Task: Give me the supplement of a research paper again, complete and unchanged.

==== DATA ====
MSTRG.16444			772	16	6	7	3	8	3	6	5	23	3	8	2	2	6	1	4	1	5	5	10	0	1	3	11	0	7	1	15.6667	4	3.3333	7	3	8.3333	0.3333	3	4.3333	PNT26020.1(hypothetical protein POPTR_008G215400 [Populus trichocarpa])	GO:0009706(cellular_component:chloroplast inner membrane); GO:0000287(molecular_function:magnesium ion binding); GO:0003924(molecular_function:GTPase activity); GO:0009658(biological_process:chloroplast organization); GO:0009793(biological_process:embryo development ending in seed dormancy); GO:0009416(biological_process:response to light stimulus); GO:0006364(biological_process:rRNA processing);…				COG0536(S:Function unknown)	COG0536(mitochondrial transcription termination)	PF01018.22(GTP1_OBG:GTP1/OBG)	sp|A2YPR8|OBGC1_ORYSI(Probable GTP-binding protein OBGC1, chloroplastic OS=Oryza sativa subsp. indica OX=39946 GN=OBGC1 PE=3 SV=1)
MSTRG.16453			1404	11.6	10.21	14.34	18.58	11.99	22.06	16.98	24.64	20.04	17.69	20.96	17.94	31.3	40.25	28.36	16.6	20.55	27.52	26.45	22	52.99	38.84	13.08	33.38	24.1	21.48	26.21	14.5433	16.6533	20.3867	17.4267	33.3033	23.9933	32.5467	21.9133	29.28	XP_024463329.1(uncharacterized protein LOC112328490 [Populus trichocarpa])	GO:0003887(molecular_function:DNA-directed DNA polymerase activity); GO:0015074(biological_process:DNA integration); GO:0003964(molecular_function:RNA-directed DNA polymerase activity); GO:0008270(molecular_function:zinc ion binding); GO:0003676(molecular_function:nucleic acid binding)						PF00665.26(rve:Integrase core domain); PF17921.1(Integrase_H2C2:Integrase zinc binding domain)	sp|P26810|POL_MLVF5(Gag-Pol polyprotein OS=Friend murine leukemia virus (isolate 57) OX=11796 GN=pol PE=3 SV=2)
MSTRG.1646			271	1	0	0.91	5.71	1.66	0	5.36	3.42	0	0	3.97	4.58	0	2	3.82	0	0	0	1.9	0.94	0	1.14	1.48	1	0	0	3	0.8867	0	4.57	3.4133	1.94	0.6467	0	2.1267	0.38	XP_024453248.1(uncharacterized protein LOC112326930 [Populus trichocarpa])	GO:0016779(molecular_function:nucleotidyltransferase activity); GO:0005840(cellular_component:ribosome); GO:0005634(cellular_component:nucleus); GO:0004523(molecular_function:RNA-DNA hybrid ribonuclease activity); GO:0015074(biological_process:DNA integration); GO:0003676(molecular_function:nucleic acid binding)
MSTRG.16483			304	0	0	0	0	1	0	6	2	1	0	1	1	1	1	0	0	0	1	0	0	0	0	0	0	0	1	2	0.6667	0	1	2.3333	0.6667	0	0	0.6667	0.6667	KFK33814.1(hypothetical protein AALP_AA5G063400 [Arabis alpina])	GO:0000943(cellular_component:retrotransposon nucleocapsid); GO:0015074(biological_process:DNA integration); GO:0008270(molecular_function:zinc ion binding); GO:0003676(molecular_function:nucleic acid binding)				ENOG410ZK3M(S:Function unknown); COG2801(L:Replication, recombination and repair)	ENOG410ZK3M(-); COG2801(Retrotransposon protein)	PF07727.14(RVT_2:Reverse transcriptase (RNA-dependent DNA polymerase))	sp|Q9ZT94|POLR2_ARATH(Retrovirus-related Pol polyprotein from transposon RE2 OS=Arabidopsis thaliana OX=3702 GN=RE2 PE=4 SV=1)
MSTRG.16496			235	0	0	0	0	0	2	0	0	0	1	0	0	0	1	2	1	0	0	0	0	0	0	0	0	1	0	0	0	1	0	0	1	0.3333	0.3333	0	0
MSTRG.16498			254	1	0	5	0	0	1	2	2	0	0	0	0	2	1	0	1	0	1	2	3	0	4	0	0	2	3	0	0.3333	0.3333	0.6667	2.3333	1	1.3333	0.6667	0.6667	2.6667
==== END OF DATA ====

MSTRG.16444			772	16	6	7	3	8	3	6	5	23	3	8	2	2	6	1	4	1	5	5	10	0	1	3	11	0	7	1	15.6667	4	3.3333	7	3	8.3333	0.3333	3	4.3333	PNT26020.1(hypothetical protein POPTR_008G215400 [Populus trichocarpa])	GO:0009706(cellular_component:chloroplast inner membrane); GO:0000287(molecular_function:magnesium ion binding); GO:0003924(molecular_function:GTPase activity); GO:0009658(biological_process:chloroplast organization); GO:0009793(biological_process:embryo development ending in seed dormancy); GO:0009416(biological_process:response to light stimulus); GO:0006364(biological_process:rRNA processing);…				COG0536(S:Function unknown)	COG0536(mitochondrial transcription termination)	PF01018.22(GTP1_OBG:GTP1/OBG)	sp|A2YPR8|OBGC1_ORYSI(Probable GTP-binding protein OBGC1, chloroplastic OS=Oryza sativa subsp. indica OX=39946 GN=OBGC1 PE=3 SV=1)
MSTRG.16453			1404	11.6	10.21	14.34	18.58	11.99	22.06	16.98	24.64	20.04	17.69	20.96	17.94	31.3	40.25	28.36	16.6	20.55	27.52	26.45	22	52.99	38.84	13.08	33.38	24.1	21.48	26.21	14.5433	16.6533	20.3867	17.4267	33.3033	23.9933	32.5467	21.9133	29.28	XP_024463329.1(uncharacterized protein LOC112328490 [Populus trichocarpa])	GO:0003887(molecular_function:DNA-directed DNA polymerase activity); GO:0015074(biological_process:DNA integration); GO:0003964(molecular_function:RNA-directed DNA polymerase activity); GO:0008270(molecular_function:zinc ion binding); GO:0003676(molecular_function:nucleic acid binding)						PF00665.26(rve:Integrase core domain); PF17921.1(Integrase_H2C2:Integrase zinc binding domain)	sp|P26810|POL_MLVF5(Gag-Pol polyprotein OS=Friend murine leukemia virus (isolate 57) OX=11796 GN=pol PE=3 SV=2)
MSTRG.1646			271	1	0	0.91	5.71	1.66	0	5.36	3.42	0	0	3.97	4.58	0	2	3.82	0	0	0	1.9	0.94	0	1.14	1.48	1	0	0	3	0.8867	0	4.57	3.4133	1.94	0.6467	0	2.1267	0.38	XP_024453248.1(uncharacterized protein LOC112326930 [Populus trichocarpa])	GO:0016779(molecular_function:nucleotidyltransferase activity); GO:0005840(cellular_component:ribosome); GO:0005634(cellular_component:nucleus); GO:0004523(molecular_function:RNA-DNA hybrid ribonuclease activity); GO:0015074(biological_process:DNA integration); GO:0003676(molecular_function:nucleic acid binding)
MSTRG.16483			304	0	0	0	0	1	0	6	2	1	0	1	1	1	1	0	0	0	1	0	0	0	0	0	0	0	1	2	0.6667	0	1	2.3333	0.6667	0	0	0.6667	0.6667	KFK33814.1(hypothetical protein AALP_AA5G063400 [Arabis alpina])	GO:0000943(cellular_component:retrotransposon nucleocapsid); GO:0015074(biological_process:DNA integration); GO:0008270(molecular_function:zinc ion binding); GO:0003676(molecular_function:nucleic acid binding)				ENOG410ZK3M(S:Function unknown); COG2801(L:Replication, recombination and repair)	ENOG410ZK3M(-); COG2801(Retrotransposon protein)	PF07727.14(RVT_2:Reverse transcriptase (RNA-dependent DNA polymerase))	sp|Q9ZT94|POLR2_ARATH(Retrovirus-related Pol polyprotein from transposon RE2 OS=Arabidopsis thaliana OX=3702 GN=RE2 PE=4 SV=1)
MSTRG.16496			235	0	0	0	0	0	2	0	0	0	1	0	0	0	1	2	1	0	0	0	0	0	0	0	0	1	0	0	0	1	0	0	1	0.3333	0.3333	0	0
MSTRG.16498			254	1	0	5	0	0	1	2	2	0	0	0	0	2	1	0	1	0	1	2	3	0	4	0	0	2	3	0	0.3333	0.3333	0.6667	2.3333	1	1.3333	0.6667	0.6667	2.6667